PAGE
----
THIS. CHANGES. EVERYTHING. – Useful Bash/*nix Tricks I Never Stumbled Across in the Last 15 Years

A thread at /r/linux sought out to reveal all the magic ways of increasing productivity under Linux (or other *nix based OS-es), and as most people I thought that there wouldn’t be much news here.

But I was wrong. So very, very wrong.

  1. disown – a way to disown a process, making it continue running in the background if you have to log out or close a long running session over ssh because you’re going somewhere, but want to keep the currently running process still running. If you’ve ever thought “why the fsck didn’t I run this under screen?”, then this trick is for you. This is a new future, and I’m proud to be a part of it.
  2. CTRL+r in bash – allows you to search your bash history buffer. I’ve known about this, I’ve just never picked up the habit of actually using it. Will do that now.
  3. ssh-copy-id – Appends your public key to the authorized_keys file at the destination computer.
  4. man ascii – the manual page entry for ascii contains an ascii table, right there in your terminal.
  5. xargs ‐‐max-procs and parallel – allows you to duplicate the functionality of xargs, but in parallel. Starts up all the processes at the same time, instead of starting them one by one.

Head over to the thread for other goodies such as a sudo alias for writing files when you’ve opened them without the correct permissions directly in vim.

Writing a Munin Plugin

I have to admit something. I’ve become addicted.

One of the things I finally got around to doing while living the quiet life over the christmas holiday was to dive a bit further into Munin – a simple framework for collecting information from your computers and servers and making nice graphs that you can watch while you’re bored.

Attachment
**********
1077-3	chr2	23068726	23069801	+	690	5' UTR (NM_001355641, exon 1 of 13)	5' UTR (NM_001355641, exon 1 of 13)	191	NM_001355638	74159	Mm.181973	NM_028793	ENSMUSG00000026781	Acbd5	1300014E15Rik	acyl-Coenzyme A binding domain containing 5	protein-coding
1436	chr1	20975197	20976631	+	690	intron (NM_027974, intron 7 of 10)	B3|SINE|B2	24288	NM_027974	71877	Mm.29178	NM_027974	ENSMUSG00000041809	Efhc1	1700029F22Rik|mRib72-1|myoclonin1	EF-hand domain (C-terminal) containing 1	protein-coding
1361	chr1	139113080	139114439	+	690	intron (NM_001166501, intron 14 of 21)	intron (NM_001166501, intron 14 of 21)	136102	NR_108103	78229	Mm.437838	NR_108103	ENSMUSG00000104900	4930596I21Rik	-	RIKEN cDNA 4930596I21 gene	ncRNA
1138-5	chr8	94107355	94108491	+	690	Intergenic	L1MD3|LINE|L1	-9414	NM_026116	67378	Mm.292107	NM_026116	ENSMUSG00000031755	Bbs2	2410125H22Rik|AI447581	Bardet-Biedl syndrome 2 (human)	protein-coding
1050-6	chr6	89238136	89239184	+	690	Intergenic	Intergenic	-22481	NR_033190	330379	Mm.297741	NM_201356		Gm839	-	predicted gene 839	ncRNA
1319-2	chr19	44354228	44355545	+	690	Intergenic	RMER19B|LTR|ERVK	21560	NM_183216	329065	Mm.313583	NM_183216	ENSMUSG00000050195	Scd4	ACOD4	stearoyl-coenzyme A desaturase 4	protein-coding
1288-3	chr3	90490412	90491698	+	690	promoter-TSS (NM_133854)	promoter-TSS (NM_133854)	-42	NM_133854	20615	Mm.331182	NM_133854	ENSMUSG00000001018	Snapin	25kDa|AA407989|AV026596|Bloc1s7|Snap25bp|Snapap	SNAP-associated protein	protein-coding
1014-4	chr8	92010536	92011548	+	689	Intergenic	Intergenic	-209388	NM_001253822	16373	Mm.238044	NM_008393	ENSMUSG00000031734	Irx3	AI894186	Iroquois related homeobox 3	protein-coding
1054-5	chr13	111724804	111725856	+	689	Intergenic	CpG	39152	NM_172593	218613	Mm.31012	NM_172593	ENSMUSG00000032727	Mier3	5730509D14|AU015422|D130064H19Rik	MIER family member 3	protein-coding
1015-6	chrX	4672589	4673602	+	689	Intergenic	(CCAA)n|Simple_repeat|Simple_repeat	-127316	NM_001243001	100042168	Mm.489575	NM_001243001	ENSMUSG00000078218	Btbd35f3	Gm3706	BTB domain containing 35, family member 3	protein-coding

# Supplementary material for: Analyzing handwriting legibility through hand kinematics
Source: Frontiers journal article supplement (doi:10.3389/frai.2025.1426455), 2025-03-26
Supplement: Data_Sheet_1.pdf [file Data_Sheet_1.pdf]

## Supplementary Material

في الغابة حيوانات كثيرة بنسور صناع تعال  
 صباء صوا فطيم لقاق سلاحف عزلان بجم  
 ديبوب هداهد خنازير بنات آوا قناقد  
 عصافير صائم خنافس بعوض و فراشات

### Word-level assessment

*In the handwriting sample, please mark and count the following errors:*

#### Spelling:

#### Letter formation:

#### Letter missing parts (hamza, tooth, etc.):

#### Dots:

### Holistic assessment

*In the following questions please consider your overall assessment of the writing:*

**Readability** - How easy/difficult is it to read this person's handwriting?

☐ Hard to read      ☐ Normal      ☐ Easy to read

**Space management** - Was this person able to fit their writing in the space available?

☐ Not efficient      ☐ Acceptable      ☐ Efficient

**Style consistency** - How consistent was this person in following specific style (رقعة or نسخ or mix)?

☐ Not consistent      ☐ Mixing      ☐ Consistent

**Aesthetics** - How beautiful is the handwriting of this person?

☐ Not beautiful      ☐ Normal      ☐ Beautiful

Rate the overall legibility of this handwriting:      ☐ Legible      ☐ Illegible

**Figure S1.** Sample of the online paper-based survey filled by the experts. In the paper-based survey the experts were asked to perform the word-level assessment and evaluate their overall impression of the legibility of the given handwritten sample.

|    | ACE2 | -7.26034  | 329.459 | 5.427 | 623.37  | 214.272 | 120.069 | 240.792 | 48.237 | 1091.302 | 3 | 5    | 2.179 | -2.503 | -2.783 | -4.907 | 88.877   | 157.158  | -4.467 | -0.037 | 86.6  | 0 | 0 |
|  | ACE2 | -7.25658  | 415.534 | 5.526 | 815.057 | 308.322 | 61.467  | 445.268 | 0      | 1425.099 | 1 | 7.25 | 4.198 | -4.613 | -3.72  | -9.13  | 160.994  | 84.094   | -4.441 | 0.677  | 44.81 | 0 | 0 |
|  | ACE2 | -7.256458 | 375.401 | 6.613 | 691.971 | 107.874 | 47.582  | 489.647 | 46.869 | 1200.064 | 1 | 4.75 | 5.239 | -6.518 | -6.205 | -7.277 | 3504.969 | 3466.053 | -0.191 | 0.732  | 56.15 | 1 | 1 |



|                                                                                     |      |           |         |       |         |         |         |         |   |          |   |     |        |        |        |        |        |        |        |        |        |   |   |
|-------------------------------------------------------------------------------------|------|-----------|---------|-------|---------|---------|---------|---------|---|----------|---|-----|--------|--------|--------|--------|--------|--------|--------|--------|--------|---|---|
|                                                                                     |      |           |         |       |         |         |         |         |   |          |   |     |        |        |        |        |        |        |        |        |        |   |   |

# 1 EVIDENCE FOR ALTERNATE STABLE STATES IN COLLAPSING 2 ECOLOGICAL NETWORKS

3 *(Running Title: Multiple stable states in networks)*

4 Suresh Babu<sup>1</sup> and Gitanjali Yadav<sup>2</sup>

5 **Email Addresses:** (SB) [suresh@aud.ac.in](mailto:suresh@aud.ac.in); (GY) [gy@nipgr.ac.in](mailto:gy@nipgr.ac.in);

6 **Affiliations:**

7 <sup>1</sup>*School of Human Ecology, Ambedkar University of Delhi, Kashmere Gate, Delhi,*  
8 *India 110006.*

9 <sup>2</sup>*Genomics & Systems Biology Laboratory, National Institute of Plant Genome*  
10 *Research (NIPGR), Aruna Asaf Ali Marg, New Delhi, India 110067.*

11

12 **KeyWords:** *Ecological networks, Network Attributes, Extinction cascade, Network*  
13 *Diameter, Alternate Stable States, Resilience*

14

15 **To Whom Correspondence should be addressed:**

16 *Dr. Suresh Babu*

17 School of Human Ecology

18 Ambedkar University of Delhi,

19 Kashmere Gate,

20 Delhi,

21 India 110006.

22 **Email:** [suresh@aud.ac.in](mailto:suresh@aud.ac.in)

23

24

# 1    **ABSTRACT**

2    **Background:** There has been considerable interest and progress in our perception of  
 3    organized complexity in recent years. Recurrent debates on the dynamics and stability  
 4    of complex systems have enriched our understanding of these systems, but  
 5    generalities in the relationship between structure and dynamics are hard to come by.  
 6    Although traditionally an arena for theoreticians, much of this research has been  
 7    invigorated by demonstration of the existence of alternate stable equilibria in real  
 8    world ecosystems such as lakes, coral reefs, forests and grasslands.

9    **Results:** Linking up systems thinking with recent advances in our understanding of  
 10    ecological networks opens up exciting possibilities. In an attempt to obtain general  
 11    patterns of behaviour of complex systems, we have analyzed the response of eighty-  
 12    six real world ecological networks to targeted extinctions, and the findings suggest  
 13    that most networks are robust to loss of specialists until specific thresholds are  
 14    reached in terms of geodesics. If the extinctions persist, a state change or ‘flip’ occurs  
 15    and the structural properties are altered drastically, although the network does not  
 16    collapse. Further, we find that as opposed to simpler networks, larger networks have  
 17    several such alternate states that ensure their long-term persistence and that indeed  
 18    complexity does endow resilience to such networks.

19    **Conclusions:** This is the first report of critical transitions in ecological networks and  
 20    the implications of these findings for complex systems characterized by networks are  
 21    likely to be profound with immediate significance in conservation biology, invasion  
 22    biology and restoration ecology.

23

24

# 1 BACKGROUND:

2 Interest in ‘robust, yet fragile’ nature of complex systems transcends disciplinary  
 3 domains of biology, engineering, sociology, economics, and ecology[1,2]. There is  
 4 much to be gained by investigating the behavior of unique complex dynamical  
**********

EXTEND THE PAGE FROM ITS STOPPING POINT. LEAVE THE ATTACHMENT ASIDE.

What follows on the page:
I’m not going to write a lot about how you can create your own Munin plugin to create your own graphs, as they have a very simple tutorial giving you all the basics about writing Munin plugins themselves. The only thing you need to remember are these two tidbits:

  1. When Munin first registers your plugin, it runs your script with config as the only argument. This provides Munin with the name of the graph, the labels and names (keys) of the graphs you’re providing values for, information about the axis, etc.
  2. When Munin runs your script without the config argument, it expects you to give it values for the keys you provided it in the configuration.

You enable and disable plugins by creating symlinks in /etc/munin/plugins (at least under debian / ubuntu), and plugins are usually stored in /usr/share/munin/plugins.

I keep my plugins archived together with the rest of the repository for my web projects, and then either symlink the content into the plugins-directory or create a simple wrapper script that changes the current directory to the location of the script and then invokes it (to make the current working directory be correct).

A very simple bash script that does this – and passes through any parameters given to the script:

cd  && php ./